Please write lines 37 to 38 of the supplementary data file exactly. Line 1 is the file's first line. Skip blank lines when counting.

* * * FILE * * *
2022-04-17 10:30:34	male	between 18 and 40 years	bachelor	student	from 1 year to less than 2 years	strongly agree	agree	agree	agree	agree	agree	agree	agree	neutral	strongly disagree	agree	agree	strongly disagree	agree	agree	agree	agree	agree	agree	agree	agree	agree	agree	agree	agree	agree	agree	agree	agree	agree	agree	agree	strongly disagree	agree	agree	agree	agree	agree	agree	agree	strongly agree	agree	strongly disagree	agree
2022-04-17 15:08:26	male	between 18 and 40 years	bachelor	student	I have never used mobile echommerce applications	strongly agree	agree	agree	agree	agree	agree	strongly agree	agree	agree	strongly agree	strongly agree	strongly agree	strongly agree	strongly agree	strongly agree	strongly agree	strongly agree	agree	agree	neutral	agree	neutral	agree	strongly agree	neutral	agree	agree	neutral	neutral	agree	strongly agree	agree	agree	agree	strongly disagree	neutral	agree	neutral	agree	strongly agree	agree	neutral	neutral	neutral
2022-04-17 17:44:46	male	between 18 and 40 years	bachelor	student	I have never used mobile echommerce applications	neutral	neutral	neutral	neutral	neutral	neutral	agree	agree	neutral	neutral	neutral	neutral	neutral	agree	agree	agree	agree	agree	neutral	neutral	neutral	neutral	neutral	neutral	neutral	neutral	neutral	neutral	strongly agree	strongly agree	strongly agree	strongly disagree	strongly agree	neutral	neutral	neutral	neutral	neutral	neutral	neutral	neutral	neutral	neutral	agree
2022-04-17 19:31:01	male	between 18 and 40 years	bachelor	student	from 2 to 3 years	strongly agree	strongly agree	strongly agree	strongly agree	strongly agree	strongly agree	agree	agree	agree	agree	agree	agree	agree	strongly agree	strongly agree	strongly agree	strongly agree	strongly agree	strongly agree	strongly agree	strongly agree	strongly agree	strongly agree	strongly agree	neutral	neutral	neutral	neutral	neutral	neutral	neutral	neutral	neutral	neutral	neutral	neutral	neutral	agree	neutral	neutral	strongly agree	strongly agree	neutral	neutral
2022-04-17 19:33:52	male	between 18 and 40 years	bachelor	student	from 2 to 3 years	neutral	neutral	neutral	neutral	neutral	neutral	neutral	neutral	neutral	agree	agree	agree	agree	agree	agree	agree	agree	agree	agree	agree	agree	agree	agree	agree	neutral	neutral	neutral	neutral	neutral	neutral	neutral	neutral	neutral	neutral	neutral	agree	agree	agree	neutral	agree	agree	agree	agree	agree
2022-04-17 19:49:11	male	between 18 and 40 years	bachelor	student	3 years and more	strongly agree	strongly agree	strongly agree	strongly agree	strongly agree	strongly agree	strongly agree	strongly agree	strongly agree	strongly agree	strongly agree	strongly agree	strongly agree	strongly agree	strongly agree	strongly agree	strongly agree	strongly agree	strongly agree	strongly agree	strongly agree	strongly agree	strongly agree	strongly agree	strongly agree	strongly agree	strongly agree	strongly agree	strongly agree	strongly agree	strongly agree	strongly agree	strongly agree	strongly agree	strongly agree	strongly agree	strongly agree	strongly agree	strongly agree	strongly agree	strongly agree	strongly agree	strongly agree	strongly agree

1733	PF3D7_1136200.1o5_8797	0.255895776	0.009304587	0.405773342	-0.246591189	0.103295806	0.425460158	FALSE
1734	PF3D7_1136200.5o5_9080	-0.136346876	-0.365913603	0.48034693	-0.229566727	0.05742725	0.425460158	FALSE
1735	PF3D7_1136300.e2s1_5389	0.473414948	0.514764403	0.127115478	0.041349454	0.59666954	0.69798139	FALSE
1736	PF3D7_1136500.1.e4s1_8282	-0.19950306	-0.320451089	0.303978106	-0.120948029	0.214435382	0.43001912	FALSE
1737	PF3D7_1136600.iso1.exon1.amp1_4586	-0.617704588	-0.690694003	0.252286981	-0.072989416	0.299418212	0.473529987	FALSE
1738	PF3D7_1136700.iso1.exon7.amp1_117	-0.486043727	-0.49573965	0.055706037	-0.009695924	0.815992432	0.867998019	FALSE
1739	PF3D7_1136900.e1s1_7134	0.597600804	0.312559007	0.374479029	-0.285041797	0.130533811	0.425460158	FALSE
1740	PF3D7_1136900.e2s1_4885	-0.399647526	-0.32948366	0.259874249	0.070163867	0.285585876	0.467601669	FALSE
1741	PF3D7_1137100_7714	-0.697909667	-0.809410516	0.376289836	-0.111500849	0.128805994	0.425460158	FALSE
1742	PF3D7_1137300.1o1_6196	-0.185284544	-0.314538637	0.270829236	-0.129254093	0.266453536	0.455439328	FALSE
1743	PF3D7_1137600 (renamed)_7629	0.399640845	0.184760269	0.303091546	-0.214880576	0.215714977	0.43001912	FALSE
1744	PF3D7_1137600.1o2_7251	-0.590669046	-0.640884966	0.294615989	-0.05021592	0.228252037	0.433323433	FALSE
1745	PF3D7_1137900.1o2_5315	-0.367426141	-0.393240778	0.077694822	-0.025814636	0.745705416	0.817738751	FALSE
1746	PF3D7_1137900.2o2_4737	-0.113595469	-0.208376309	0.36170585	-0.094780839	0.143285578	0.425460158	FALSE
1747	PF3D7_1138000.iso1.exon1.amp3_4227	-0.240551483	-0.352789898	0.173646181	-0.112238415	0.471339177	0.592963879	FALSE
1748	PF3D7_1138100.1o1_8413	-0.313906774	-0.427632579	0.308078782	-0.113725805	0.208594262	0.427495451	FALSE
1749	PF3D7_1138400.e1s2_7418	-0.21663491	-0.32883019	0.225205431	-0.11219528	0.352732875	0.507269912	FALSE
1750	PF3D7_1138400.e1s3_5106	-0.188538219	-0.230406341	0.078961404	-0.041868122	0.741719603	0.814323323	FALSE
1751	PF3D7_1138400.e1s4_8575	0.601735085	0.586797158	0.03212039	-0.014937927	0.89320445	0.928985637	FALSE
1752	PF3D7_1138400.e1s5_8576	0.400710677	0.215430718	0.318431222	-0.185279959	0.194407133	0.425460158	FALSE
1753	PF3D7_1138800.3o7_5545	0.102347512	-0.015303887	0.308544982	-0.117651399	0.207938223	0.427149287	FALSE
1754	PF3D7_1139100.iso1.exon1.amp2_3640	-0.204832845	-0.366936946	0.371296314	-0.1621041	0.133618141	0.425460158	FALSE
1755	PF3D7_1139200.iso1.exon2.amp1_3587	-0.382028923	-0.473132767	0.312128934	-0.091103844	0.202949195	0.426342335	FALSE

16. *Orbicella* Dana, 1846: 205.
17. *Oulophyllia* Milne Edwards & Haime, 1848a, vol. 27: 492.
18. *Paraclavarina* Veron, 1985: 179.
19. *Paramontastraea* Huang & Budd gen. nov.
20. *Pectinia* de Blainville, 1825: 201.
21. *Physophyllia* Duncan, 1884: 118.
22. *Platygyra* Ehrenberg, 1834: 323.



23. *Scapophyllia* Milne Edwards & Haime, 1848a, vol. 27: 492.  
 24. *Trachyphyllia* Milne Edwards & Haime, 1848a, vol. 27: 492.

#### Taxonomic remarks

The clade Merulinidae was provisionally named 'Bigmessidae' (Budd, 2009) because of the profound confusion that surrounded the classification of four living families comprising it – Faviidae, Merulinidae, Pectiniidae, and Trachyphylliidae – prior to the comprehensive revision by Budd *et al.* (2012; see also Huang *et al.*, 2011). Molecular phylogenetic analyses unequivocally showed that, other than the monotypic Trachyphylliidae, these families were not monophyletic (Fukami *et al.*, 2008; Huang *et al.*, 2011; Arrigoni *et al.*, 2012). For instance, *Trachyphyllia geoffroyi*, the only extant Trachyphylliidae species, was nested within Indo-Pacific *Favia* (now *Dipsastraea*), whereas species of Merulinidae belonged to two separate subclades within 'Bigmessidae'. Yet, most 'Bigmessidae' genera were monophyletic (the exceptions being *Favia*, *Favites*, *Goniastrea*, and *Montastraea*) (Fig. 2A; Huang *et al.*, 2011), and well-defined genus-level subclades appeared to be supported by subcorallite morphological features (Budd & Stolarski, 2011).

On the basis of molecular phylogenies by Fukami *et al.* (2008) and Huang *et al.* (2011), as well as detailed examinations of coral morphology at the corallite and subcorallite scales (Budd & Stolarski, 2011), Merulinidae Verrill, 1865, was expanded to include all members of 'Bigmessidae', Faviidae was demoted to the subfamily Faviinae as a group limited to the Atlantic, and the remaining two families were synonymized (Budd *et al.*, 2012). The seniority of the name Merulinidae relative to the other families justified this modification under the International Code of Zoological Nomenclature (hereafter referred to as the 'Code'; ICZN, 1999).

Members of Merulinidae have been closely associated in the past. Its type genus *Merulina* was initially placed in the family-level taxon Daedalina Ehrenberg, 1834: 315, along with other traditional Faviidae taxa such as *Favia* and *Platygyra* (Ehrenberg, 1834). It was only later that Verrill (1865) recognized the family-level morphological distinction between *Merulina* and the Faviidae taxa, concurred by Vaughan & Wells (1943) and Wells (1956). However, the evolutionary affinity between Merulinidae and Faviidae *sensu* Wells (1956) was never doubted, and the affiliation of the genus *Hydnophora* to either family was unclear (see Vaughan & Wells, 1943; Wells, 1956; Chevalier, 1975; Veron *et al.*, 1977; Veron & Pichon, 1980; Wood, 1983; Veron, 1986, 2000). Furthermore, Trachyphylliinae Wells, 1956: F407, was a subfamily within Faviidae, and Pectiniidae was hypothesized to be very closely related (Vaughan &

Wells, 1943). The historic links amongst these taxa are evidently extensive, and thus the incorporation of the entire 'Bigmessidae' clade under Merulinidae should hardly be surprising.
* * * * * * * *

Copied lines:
23. *Scapophyllia* Milne Edwards & Haime, 1848a, vol. 27: 492.  
 24. *Trachyphyllia* Milne Edwards & Haime, 1848a, vol. 27: 492.